“The election two years ago bothered me because it was about an issue and not who was the most qualified to sit in the seat,” said Cameron, 76. “Issues come and go. This time I hope people vote on individual candidates.”
Traffic remains a major issue in Clemmons, particularly on Lewisville-Clemmons Road, the village’s main corridor. And because the state owns the road, Clemmons has little say in how it can be improved.
For instance, Lofland said she would like to see a stoplight at the road’s intersection with Holder Road, about a half-mile south of U.S. 421, but that’s a decision that falls to the state.
A small-business owner, Lofland, 65, would like to see the village support a feasibility study on adding an I-40 exchange at Kinnamon Road to alleviate traffic on Lewisville-Clemmons Road.
She lamented the rapid pace of commercial development in the village, which has led to pressure on its infrastructure.
“It’s time to really slow down. We have rapidly filled up,” said Lofland, who would like to see more single-family housing.
She said she would also like to see more sidewalks spread throughout the village and not just near Tanglewood Park. Lofland specifically mentioned a sidewalk along Marty Lane, close to where she lives near the village’s northern edge.
“This side of town doesn’t get the attention that other parts do,” said Lofland, who was elected to a two-year term in 2017.
With Combest leaving the council, Wrights is hoping to become its most veteran member. A property manager and small-business owner, Wrights, 36, said the best thing Clemmons can do to manage traffic is work with developers.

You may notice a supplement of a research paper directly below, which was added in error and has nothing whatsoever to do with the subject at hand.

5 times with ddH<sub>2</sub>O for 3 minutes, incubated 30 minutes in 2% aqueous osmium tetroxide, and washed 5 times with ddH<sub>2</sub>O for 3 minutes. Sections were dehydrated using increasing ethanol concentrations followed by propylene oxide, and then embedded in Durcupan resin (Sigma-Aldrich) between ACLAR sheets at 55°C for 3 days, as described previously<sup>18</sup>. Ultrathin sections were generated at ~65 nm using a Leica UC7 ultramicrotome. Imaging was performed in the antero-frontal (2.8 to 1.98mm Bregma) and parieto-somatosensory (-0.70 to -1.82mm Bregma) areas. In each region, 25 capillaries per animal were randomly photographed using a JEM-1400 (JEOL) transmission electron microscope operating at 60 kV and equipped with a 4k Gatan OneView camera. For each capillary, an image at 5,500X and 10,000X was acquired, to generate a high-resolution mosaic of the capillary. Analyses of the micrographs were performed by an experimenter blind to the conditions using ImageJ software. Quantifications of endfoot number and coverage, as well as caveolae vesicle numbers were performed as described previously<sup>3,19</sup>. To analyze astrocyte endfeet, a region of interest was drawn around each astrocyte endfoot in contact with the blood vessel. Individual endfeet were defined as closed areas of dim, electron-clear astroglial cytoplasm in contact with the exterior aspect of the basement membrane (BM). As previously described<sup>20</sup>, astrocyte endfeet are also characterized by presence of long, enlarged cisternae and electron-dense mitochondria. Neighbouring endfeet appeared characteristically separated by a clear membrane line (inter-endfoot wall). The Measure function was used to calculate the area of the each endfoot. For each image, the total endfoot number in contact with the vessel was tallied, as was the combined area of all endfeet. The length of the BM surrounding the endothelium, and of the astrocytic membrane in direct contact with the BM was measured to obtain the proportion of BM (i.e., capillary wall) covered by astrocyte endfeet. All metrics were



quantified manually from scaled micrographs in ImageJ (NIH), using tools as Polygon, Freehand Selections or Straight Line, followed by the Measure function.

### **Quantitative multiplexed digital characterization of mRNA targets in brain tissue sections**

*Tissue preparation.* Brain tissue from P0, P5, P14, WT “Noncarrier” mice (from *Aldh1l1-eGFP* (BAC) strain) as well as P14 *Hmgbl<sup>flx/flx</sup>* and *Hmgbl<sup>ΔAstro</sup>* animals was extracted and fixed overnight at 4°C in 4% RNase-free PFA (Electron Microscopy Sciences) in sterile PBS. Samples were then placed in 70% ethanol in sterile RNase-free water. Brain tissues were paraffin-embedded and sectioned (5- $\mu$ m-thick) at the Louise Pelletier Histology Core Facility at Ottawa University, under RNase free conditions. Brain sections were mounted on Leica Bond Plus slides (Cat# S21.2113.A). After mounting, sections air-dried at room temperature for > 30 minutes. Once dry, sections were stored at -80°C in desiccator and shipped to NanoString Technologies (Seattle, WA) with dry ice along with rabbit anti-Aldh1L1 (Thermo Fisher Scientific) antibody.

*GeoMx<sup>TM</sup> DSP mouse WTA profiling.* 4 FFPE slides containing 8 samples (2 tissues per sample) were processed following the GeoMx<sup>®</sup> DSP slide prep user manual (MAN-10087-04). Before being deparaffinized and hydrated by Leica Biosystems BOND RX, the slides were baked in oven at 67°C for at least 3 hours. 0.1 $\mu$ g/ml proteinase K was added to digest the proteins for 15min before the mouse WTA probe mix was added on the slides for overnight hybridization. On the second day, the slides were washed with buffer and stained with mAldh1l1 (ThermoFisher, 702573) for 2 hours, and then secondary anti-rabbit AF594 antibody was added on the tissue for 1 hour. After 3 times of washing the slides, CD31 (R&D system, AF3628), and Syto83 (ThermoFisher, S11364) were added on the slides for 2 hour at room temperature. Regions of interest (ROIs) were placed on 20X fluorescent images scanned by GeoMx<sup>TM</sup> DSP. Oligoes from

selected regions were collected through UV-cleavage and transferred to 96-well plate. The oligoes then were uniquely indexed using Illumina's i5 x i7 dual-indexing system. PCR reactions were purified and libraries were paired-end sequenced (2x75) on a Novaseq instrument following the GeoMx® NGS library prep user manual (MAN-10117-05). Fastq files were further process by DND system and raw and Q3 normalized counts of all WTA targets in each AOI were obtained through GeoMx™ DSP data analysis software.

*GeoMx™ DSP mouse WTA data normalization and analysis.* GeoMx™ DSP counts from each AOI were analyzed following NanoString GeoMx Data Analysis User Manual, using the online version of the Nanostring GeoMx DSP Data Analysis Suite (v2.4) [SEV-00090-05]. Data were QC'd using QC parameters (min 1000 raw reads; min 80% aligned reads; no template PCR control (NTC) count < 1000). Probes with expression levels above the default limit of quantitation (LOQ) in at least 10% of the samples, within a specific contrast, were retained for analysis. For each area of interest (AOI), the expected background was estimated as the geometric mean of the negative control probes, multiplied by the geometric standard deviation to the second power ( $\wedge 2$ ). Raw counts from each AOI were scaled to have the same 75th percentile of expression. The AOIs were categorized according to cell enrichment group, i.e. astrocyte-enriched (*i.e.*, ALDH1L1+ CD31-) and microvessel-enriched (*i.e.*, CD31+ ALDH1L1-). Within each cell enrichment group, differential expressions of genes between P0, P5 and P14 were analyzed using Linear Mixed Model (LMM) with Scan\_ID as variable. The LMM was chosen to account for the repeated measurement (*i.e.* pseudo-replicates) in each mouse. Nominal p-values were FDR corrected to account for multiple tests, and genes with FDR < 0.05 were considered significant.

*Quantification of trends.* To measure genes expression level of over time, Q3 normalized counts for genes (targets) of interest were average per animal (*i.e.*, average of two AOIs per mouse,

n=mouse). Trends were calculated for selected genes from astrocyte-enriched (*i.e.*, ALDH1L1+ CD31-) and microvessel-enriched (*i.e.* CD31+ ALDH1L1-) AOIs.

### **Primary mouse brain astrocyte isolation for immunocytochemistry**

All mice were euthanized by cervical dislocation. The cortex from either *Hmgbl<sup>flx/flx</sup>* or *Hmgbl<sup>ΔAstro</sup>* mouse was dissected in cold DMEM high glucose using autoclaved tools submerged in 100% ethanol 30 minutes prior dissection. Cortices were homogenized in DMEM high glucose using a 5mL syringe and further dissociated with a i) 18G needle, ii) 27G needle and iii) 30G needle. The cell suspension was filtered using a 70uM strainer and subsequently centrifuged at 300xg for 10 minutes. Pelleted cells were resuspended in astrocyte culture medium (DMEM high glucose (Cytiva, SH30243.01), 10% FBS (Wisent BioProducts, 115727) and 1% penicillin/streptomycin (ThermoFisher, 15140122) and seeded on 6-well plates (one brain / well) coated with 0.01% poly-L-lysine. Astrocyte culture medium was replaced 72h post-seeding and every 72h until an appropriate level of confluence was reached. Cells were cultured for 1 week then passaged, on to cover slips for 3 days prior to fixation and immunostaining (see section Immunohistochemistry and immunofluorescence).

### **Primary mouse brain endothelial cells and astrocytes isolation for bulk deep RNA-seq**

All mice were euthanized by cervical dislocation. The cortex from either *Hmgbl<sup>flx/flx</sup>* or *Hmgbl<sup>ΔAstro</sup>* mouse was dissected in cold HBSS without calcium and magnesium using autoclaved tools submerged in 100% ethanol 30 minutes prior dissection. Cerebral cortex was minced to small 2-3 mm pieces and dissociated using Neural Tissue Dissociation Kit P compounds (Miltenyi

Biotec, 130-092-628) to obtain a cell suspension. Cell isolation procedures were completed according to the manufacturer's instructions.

“When large developments come in, we need to make sure the needed infrastructure improvements are being built. The Publix development on Peace Haven Road is a prime example. When they built that, they spent over $2 million making off-site improvements,” said Wrights, who was first elected in 2013. “They need to make those improvements and not leave it to Clemmons.”
Rogers, 65, a small-business owner who was elected to the council in 2011, said the village’s biggest challenge is maintaining its success. Clemmons has experienced explosive growth over the last few years. It had a population of 20,420 in 2017, a 1.6% increase from 2016, making it the fastest-growing municipality in Forsyth County.
He cited the village’s schools and low crime rate as examples of the village’s success.
“Our challenge is sustaining that success, and we do that by electing representatives who have demonstrated a willingness to make decision,” he said.
Daniel, 64, has never run for public office but he got involved in researching the proposed Idols Road Business Park outside of Clemmons’ borders and often presented his findings to the council at its meetings. He is semiretired from a career of writing accounting software for local government.
He said he envisions himself as taking on the kind of role that Combest did during his tenure — researching and analyzing data.
Daniel mentioned the number of empty stores in shopping centers and said he would like to see those developed.
“Any development that comes to Clemmons, I’d love to see infill development, where the property is developed, and we encourage businesses to move there and take up the empty space,” Daniel said. “I’m not one of those who thinks that every piece of bare space is raw material for developing.”
Moger, 35, a real-estate investor, did not return a phone call asking for comment.
In the mayor’s race, Wait, 40, is running for a second term. An attorney, Wait pointed to the civility among council members and the mayor.